Gumboot Dance – A shared South African story

There is a lot that South Africans can be proud of. South Africans are revered internationally for their ability to turn lemons into lemonade and to be innovative in the face of adversity.

One such innovation that South Africans can be proud of is gumboot dance. Today, it is common to find people orderly grouped, wearing mining gear, stepping creatively, clapping hands and banging their chests to create polyrhythmic sounds performing isicathulo or gumboot dance as it is otherwise known, in front of  South Africans and tourists alike.

Rooted in the country’s early commercial mining ages at the end of the 19th century, the dance was not always meant to entertain. In fact, it was not even regarded as a dance at first, but was utilised as a communicative tool by black mine workers prohibited from engaging in talking, singing or any oral activity at the mines by the mine bosses of the time, the architects of South Africa’s monopoly capitalism.

The gumboot dance must not be misunderstood as specifically linked to a particular ethnic group. The country’s early spatial arrangements meant that economic activity could only successfully take place through the utilisation of migrant labour. It is, therefore, not difficult to understand why mine workers during those days were migrant labourers and why this is, to a large extent, still the case today.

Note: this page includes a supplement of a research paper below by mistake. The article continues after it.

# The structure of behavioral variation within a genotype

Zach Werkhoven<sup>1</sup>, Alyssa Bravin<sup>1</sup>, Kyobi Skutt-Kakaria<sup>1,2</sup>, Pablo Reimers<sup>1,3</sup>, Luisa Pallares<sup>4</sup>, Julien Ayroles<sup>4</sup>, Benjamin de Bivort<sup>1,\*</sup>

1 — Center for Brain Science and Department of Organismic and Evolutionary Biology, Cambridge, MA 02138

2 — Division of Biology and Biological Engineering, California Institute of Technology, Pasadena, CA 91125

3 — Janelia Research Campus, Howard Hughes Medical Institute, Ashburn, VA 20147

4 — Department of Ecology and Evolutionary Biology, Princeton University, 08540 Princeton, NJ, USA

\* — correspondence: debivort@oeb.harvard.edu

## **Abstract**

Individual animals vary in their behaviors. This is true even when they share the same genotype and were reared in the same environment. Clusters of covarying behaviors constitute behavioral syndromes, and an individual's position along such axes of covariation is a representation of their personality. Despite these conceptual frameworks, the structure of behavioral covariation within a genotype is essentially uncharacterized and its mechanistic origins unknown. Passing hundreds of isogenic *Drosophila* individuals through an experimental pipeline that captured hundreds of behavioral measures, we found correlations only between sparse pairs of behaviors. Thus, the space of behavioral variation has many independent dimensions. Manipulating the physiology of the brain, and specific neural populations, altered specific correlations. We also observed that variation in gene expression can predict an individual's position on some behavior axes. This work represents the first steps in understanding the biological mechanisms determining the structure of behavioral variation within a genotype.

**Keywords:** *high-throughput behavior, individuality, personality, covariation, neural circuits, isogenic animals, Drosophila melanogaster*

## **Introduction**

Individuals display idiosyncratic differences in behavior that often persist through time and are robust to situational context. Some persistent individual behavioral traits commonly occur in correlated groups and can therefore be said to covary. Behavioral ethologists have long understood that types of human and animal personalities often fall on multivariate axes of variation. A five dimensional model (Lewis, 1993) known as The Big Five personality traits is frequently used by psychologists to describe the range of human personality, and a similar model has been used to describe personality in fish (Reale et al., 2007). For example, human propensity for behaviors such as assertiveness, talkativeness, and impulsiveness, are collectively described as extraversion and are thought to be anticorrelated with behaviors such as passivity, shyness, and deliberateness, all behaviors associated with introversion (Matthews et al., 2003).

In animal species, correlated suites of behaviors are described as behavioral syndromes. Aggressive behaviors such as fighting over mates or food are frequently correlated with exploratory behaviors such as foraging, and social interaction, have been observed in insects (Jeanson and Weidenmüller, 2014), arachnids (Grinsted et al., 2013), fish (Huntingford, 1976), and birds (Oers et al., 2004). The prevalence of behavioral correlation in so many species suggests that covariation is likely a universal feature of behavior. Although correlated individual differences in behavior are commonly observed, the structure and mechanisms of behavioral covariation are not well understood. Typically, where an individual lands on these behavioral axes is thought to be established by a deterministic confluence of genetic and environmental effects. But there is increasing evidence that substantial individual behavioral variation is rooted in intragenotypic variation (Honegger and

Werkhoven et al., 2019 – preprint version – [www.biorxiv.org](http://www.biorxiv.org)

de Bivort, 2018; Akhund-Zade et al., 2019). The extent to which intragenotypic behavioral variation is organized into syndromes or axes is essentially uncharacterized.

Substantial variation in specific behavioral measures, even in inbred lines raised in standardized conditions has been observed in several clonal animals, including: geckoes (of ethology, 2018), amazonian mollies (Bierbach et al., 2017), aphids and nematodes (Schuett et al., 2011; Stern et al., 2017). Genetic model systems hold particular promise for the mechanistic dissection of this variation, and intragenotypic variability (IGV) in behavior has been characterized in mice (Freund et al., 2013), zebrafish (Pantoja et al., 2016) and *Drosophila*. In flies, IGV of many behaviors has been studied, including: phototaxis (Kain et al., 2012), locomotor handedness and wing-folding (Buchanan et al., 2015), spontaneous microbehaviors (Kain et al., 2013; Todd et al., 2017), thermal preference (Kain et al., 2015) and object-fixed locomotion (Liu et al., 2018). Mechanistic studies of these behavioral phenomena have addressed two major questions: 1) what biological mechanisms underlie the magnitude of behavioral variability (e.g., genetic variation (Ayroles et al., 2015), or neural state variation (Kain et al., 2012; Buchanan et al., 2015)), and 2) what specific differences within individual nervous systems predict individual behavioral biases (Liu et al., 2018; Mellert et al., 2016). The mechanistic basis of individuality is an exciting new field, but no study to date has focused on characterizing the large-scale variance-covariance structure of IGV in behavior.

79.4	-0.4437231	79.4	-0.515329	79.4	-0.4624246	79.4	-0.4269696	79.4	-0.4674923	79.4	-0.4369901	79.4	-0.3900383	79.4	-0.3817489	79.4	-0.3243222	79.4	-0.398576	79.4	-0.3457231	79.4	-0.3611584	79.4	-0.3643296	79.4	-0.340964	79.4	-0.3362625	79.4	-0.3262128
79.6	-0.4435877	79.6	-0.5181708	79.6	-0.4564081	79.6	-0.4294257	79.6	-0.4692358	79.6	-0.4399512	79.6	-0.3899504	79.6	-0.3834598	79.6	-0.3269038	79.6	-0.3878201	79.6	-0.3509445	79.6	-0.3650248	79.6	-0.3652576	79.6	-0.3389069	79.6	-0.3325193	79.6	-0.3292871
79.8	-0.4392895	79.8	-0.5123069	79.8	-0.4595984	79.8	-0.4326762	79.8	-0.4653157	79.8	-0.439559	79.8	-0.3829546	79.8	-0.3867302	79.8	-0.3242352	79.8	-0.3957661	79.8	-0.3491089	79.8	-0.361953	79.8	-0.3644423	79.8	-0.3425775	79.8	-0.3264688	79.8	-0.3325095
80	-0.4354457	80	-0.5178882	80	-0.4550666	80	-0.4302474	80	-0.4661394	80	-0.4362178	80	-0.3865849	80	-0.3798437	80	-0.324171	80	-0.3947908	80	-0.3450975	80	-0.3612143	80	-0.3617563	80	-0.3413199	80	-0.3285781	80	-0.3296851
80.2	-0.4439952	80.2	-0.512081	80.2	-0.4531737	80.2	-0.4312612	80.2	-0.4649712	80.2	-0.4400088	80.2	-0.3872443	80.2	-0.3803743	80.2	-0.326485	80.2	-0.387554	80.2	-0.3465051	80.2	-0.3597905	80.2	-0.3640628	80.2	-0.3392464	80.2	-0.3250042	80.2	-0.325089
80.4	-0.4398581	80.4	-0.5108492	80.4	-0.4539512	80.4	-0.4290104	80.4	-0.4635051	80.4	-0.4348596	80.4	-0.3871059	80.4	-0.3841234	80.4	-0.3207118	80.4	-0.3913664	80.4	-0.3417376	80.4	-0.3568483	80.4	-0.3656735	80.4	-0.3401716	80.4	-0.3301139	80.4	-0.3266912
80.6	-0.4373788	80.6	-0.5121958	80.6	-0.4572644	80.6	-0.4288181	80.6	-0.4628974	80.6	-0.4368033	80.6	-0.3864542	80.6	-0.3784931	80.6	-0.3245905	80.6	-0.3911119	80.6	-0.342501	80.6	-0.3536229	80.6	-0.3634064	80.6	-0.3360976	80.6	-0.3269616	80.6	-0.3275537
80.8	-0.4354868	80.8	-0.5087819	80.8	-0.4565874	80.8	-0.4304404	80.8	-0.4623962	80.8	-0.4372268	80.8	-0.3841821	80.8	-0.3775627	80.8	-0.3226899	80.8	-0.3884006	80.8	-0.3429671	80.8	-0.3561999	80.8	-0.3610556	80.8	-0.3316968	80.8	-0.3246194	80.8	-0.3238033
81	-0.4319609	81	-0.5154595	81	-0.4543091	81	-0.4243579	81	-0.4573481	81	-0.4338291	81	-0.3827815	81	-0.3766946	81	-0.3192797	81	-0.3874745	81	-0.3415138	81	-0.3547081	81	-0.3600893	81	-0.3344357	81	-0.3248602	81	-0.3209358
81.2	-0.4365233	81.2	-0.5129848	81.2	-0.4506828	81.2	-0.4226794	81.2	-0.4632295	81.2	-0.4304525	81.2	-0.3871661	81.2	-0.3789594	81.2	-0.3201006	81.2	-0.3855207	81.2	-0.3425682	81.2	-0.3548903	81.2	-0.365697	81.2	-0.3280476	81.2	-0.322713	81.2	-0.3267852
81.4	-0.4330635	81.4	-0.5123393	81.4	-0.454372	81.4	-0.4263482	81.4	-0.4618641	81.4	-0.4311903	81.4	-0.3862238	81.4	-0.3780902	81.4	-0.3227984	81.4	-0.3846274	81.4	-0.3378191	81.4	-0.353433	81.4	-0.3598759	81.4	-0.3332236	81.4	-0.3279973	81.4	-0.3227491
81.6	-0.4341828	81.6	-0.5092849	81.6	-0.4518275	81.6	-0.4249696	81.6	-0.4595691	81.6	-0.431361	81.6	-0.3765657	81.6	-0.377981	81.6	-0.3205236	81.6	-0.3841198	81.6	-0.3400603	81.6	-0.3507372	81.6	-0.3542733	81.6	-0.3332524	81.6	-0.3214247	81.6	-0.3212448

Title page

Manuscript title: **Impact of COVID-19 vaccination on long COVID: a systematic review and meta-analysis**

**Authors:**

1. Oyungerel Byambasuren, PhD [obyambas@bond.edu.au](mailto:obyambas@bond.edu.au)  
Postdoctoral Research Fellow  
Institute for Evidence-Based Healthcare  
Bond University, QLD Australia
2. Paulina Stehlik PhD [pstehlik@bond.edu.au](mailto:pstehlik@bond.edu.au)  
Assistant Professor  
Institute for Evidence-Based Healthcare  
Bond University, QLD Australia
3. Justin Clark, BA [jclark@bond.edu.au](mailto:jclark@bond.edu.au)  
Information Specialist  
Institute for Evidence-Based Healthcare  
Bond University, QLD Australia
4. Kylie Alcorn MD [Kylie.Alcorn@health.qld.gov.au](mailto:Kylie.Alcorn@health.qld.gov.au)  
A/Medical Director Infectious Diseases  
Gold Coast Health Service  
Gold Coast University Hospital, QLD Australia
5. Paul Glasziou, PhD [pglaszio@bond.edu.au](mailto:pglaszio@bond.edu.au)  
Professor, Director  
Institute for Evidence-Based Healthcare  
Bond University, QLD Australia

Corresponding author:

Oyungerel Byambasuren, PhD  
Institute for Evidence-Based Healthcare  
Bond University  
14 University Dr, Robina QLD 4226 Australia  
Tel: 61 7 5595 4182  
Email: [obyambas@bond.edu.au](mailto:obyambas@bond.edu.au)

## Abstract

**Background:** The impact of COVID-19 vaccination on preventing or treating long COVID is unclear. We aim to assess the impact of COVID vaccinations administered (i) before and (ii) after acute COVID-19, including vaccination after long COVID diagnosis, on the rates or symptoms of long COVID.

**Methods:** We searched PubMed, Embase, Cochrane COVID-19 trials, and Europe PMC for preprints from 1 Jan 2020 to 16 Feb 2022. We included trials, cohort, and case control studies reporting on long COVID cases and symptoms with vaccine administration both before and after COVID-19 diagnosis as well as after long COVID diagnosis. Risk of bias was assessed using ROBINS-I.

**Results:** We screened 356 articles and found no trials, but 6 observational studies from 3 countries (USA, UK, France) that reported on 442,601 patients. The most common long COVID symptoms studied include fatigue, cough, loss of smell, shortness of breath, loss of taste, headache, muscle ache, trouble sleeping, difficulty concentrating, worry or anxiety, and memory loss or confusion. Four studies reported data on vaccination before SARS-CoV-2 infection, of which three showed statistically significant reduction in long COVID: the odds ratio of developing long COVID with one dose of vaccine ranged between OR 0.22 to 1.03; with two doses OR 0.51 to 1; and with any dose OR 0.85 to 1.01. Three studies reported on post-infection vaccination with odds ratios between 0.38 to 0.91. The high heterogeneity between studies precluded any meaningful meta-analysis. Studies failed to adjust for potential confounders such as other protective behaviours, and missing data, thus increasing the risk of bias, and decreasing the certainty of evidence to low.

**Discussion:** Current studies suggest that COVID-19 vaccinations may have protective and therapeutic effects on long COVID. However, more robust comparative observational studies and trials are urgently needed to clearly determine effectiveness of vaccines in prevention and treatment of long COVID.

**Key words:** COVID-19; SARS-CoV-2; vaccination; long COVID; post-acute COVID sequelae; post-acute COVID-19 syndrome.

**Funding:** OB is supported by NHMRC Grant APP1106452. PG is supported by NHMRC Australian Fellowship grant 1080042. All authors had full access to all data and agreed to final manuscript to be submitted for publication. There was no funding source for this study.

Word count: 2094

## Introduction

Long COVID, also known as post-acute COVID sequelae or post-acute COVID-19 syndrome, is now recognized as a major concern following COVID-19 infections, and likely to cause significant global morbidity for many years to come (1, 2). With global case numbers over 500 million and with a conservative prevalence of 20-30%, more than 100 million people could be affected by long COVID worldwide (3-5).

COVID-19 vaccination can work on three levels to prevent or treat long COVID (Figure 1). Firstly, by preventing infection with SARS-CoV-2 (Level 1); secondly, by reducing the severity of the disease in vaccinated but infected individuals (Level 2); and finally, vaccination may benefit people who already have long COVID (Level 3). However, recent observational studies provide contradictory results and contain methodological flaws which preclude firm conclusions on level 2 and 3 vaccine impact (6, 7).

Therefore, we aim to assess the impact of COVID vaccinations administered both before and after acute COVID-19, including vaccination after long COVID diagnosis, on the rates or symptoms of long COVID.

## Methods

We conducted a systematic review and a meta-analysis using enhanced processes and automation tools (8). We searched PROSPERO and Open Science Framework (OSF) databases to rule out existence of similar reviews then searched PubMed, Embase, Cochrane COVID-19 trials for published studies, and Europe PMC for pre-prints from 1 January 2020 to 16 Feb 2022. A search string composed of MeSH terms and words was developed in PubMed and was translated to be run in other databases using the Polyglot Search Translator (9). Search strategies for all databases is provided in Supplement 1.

Gumboot dance was hence formed by men from different ethnic groups with different language backgrounds, possessing wide-ranging customs and who possibly even engaged in different cultural activities. It would thus be fair to characterise the gumboot dance as a hybrid contemporary art form that represents an epoch which gave birth to South Africa’s contemporary township culture.

Pictured are young people from Ilfracombe, a township on the south coast of Durban.


Ilfracombe (the township where the above young people are from), or Durban for that matter, has no mines or mining history but gumboot dance has managed to qualify itself as part of life in Ilfracombe, just like it has done in Khayelitsha, KwaMashu, Ga-Rankuwa, Turfloop and other townships. In its spreading, gumboot dance has infiltrated many urban towns and cities in the country.

Some people are worried that authentic aspects of South African culture are lost in the advent and perpetuation of globalisation.  Also, over the decades, activism in the labour sector has resulted in miners’ rights being recognised. As a result, many of today’s mineworkers have never had to use non-oral forms to communicate with other miners.

However, this does not mean the death of gumboot dance. The current social setting in the country, including the manner in which the youth has embraced gumboot dance, provides reason for optimism that gumboot dance will continue to be part of South African performance culture.

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